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"He asked in a more joyful tone if I wanted to buy some fortune cookies. Relieved, I said yes."
- Nick Mistretta
Discovering China in America
My expedition led me down every alley and side street where the real hidden treasures can be found. Looking up to the sky, I discovered interesting architecture with laundry hang drying outside on the fire escapes. Women went about their daily business and sometimes peeked out windows as if the tourists were the attraction. I examined every nook and cranny, for some of the most unusual shops hid in these narrow passageways in obscurity. That is where I met Frank.
As I walked down Ross Alley with my head on a swivel in an attempt to miss nothing, I encountered a small man in a ball cap and jeans with a steel-eyed stare. "You need something," the man said in a surly voice. I froze in my tracks, worried that I had unknowingly committed some cultural faux pas.
He asked in a more joyful tone if I wanted to buy some fortune cookies. Relieved, I said yes. Frank introduced himself, then led me into the pitch black cookie factory. He explained the source of the darkness just as all the storeowners before him had. "I got funny one for you," Frank said as he handed me a handful of fortunes without their cookie cocoons.
The cookies can be purchased with the fortunes humorous or not. I bought a small bag of the funny cookies for $4 and munched on a few while Frank talked. After my brief education on the history of the Golden Gate Fortune Cookie Company, I grabbed my backpack and waved goodbye as I headed out into the light.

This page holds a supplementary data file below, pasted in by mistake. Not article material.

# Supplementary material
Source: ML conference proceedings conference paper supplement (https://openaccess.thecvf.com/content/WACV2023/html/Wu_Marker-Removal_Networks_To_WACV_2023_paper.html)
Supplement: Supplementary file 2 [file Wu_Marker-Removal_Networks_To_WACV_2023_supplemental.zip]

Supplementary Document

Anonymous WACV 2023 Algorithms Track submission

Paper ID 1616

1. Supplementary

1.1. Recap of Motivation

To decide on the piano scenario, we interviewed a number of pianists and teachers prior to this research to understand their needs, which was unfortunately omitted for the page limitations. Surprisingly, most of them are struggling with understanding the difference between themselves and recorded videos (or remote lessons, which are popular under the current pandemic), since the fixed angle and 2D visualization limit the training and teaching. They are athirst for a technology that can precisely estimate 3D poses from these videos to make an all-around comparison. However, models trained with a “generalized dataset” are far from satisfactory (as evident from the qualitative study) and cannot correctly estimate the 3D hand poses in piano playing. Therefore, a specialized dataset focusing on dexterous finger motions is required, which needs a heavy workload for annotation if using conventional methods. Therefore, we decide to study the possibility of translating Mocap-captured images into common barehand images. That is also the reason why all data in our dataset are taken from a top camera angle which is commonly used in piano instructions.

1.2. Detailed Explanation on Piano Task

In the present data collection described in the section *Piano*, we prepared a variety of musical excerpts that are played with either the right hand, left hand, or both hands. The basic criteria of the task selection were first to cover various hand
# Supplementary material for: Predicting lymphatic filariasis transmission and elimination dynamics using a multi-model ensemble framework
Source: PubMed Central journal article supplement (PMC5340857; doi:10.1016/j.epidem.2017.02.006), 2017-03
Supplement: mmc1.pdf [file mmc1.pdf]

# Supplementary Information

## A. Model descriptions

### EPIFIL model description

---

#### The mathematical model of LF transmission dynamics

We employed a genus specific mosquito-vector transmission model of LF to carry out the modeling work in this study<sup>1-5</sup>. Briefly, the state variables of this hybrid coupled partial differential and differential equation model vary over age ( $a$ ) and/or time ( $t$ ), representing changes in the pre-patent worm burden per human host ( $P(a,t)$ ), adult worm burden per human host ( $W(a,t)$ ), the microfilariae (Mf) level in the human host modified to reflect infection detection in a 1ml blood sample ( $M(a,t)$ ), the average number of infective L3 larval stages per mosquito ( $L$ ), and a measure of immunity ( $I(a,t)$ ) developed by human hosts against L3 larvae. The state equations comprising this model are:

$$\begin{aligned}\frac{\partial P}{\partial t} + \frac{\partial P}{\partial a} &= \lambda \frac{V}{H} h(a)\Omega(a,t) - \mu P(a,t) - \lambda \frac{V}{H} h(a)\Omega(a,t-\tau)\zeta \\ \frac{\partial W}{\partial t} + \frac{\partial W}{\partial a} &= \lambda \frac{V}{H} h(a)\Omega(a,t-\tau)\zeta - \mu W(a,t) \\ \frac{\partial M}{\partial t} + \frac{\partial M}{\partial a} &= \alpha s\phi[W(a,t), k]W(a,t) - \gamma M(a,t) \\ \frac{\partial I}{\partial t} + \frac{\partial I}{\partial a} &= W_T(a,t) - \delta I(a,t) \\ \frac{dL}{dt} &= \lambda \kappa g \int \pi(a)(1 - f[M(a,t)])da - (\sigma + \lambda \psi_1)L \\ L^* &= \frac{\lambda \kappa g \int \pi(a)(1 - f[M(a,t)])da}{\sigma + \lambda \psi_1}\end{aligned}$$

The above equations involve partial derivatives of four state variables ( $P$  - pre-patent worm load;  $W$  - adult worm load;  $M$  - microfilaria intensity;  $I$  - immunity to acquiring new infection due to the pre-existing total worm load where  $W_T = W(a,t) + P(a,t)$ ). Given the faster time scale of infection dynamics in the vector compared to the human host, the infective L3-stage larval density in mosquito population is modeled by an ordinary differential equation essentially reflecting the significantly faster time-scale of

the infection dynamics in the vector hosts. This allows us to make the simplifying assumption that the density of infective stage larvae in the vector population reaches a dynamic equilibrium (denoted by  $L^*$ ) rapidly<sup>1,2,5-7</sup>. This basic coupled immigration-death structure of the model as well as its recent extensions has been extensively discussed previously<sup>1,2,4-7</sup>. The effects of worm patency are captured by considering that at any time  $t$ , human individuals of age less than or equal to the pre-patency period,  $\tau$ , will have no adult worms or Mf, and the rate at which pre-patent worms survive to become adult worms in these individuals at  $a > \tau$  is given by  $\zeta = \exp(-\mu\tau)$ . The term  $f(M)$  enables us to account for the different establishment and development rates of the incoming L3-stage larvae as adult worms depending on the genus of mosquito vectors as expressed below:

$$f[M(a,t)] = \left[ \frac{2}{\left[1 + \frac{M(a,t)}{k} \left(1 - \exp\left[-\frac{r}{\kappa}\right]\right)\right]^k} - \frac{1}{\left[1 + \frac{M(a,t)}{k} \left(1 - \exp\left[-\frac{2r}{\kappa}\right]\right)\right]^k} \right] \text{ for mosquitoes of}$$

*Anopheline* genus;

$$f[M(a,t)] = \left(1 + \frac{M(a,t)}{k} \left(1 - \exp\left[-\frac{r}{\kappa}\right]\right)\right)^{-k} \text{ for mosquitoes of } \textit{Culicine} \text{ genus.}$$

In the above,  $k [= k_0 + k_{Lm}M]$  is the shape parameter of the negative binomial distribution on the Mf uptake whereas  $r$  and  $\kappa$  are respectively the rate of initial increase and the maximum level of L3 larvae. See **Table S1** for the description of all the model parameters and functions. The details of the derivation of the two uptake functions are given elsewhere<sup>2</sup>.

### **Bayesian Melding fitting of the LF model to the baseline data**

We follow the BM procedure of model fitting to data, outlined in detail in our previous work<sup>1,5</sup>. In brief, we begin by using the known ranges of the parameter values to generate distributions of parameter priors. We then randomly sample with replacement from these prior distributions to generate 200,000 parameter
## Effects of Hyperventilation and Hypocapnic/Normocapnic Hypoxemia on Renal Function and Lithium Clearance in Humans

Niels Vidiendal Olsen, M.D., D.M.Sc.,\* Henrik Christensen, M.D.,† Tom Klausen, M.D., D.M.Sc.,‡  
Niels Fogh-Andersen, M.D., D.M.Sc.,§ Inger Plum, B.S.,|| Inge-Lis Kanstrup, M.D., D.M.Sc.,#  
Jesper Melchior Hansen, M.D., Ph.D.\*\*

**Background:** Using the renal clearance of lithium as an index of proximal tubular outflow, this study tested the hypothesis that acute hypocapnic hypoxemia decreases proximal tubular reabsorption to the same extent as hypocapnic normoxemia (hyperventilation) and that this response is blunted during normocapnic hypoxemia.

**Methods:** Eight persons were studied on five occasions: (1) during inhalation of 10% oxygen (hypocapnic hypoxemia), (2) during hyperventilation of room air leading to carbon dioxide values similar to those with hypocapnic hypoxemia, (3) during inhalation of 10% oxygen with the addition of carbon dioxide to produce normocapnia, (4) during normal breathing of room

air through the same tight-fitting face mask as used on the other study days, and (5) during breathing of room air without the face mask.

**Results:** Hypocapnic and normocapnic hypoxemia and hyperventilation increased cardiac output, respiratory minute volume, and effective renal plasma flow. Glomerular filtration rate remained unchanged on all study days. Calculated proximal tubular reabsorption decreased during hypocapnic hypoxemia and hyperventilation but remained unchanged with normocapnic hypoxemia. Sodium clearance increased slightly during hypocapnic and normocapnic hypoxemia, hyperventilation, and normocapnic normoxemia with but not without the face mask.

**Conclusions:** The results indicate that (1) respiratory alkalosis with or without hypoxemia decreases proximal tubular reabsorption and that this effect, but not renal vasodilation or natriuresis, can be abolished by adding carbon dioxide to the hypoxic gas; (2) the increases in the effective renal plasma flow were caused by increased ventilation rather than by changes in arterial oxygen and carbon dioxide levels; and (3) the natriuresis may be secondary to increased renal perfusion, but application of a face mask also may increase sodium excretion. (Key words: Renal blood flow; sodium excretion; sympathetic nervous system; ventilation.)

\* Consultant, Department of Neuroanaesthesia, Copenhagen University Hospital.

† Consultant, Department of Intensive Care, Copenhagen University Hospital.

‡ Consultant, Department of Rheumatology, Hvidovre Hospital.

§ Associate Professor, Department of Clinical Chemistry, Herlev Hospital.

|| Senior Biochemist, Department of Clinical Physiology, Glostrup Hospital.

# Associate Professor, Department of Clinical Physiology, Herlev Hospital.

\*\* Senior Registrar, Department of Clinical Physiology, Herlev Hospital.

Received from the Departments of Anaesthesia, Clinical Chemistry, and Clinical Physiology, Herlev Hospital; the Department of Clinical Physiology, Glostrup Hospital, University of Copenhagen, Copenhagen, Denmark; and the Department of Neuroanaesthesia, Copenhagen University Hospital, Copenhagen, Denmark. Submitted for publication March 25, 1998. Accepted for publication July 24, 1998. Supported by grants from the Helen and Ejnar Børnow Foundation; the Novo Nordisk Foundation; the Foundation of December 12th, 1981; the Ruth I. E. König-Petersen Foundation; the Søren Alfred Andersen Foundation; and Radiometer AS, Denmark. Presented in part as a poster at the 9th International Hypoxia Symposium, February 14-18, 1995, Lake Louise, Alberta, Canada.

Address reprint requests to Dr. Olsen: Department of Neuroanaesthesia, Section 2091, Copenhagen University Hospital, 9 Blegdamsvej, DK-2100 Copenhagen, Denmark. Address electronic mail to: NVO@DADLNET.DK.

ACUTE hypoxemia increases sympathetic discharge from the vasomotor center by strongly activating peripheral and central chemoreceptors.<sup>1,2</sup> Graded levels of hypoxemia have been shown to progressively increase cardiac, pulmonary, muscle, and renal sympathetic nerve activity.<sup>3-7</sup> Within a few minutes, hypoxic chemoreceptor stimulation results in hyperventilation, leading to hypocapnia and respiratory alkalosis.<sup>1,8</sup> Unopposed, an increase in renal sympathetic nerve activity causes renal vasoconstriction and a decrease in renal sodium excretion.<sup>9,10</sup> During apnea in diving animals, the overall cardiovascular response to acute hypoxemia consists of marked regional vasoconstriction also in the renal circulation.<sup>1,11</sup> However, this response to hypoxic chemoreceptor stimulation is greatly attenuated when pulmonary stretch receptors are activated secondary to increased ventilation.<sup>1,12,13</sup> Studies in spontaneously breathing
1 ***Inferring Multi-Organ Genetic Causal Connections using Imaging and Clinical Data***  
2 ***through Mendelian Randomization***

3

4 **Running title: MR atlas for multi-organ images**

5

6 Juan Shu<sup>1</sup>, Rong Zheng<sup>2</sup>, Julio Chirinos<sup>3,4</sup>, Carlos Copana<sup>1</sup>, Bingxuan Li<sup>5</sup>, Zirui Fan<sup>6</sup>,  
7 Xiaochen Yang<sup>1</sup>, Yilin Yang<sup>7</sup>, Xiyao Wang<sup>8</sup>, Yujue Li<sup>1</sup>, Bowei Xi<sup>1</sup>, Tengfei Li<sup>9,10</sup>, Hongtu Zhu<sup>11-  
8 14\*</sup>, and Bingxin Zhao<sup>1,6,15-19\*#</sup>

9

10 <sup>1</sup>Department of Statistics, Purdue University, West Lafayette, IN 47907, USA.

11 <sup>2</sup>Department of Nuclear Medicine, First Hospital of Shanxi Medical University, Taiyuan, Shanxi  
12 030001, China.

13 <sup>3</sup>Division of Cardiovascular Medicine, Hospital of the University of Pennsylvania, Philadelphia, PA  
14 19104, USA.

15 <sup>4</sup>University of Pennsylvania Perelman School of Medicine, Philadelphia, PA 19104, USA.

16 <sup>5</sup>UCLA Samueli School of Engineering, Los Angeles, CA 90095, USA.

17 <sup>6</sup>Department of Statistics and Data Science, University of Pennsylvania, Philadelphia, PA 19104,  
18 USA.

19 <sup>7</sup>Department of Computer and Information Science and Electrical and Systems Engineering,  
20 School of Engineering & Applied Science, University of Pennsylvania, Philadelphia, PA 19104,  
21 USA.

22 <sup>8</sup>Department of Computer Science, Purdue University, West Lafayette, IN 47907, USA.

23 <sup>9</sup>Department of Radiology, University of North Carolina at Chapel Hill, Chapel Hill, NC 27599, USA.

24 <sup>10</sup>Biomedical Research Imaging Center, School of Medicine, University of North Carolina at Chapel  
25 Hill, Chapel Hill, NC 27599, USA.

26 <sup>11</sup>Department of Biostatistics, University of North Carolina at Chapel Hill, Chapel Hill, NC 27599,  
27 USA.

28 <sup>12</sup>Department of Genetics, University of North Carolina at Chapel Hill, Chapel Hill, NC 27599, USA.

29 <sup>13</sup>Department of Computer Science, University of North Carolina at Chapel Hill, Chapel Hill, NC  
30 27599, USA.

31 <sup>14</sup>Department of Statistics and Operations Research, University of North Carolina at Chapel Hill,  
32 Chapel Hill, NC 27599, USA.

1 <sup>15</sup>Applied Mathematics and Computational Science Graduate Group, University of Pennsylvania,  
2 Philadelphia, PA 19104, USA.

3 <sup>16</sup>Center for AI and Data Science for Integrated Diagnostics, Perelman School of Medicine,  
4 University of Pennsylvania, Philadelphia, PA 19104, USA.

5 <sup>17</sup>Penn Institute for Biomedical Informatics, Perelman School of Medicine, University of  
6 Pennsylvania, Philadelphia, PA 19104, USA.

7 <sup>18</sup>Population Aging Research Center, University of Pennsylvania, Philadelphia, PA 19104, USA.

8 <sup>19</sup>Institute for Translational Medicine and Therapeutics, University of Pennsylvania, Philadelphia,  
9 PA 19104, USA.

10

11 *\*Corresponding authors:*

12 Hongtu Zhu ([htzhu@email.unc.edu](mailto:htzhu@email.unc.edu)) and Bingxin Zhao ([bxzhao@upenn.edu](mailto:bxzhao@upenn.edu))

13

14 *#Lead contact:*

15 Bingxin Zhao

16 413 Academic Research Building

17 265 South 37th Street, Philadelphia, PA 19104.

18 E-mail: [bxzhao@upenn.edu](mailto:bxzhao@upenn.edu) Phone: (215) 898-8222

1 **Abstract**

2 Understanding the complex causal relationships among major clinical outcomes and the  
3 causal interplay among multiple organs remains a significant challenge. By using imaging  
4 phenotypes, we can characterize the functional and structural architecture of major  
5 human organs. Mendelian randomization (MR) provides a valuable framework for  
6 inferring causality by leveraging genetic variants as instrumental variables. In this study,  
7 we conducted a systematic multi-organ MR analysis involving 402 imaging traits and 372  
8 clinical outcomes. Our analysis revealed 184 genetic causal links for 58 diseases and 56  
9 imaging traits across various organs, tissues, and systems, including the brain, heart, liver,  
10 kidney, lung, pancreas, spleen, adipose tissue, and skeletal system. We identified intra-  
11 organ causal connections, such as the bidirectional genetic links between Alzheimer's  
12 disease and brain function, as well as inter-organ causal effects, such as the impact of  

After leaving the fortune cookie factory, I walked to Jackson Street, turned right, and staggered back onto Grant Avenue. The day had been long and my body was growing weary from my travels. I wandered a couple of blocks amid the glitzy tourist traps on the same street where my journey had begun several hours earlier. That's when I stumbled upon an inviting watering hole - the Buddha Bar.
It was like a beacon in a storm. Like most of the establishments I had ventured into that day, the bar was dark, but probably not unusually so. I decided this would be my last of many stops - the end of the line. I moseyed up to the bar and hoisted myself up onto a stool for a cool libation.
I engaged a local resident name Jon in conversation about the neighborhood, as we sat watching the parade of tourists glide past the open door. He informed me that Chinatown was the safest part of San Francisco despite what I had read in many travel guides.
As we talked, I fumbled through my backpack stunned by the amount of tacky gifts I had purchased - several post cards, two lucky charm necklaces, a cheap ring, a bag of fortune cookies and a small ceramic Buddha. I had fallen prey to the constant barrage of souvenir shops despite my best efforts at self-control.
I pondered the day's journey as I sat in the dark talking with strangers. I realized then that tourists who seek the enchantment of Chinatown should do as I had done - wander about without the restrictions of an organized walking tour, and certainly without the confusion of my self-inflicted haphazard path. Much of the day's enjoyment had come from the excitement of blazing my own trail through a new and fascinating land.
Just then, a man dressed in a business suit at the other end of the bar briefly joined in our conversation. He said that the old market area moved from Grant Avenue to Stockton Street after the tourists moved in. "It used to be more interesting in the old days," he said in a tone of somber reminiscence. I imagine if Lewis and Clark were alive today, they would whole-heartedly share that sentiment.
Nick Mistretta can be reached at Nickmistretta@aol.com Currently he's attending college in Denver Colorado, and his travel and writing aspirations will take him Down Under later in 2000.
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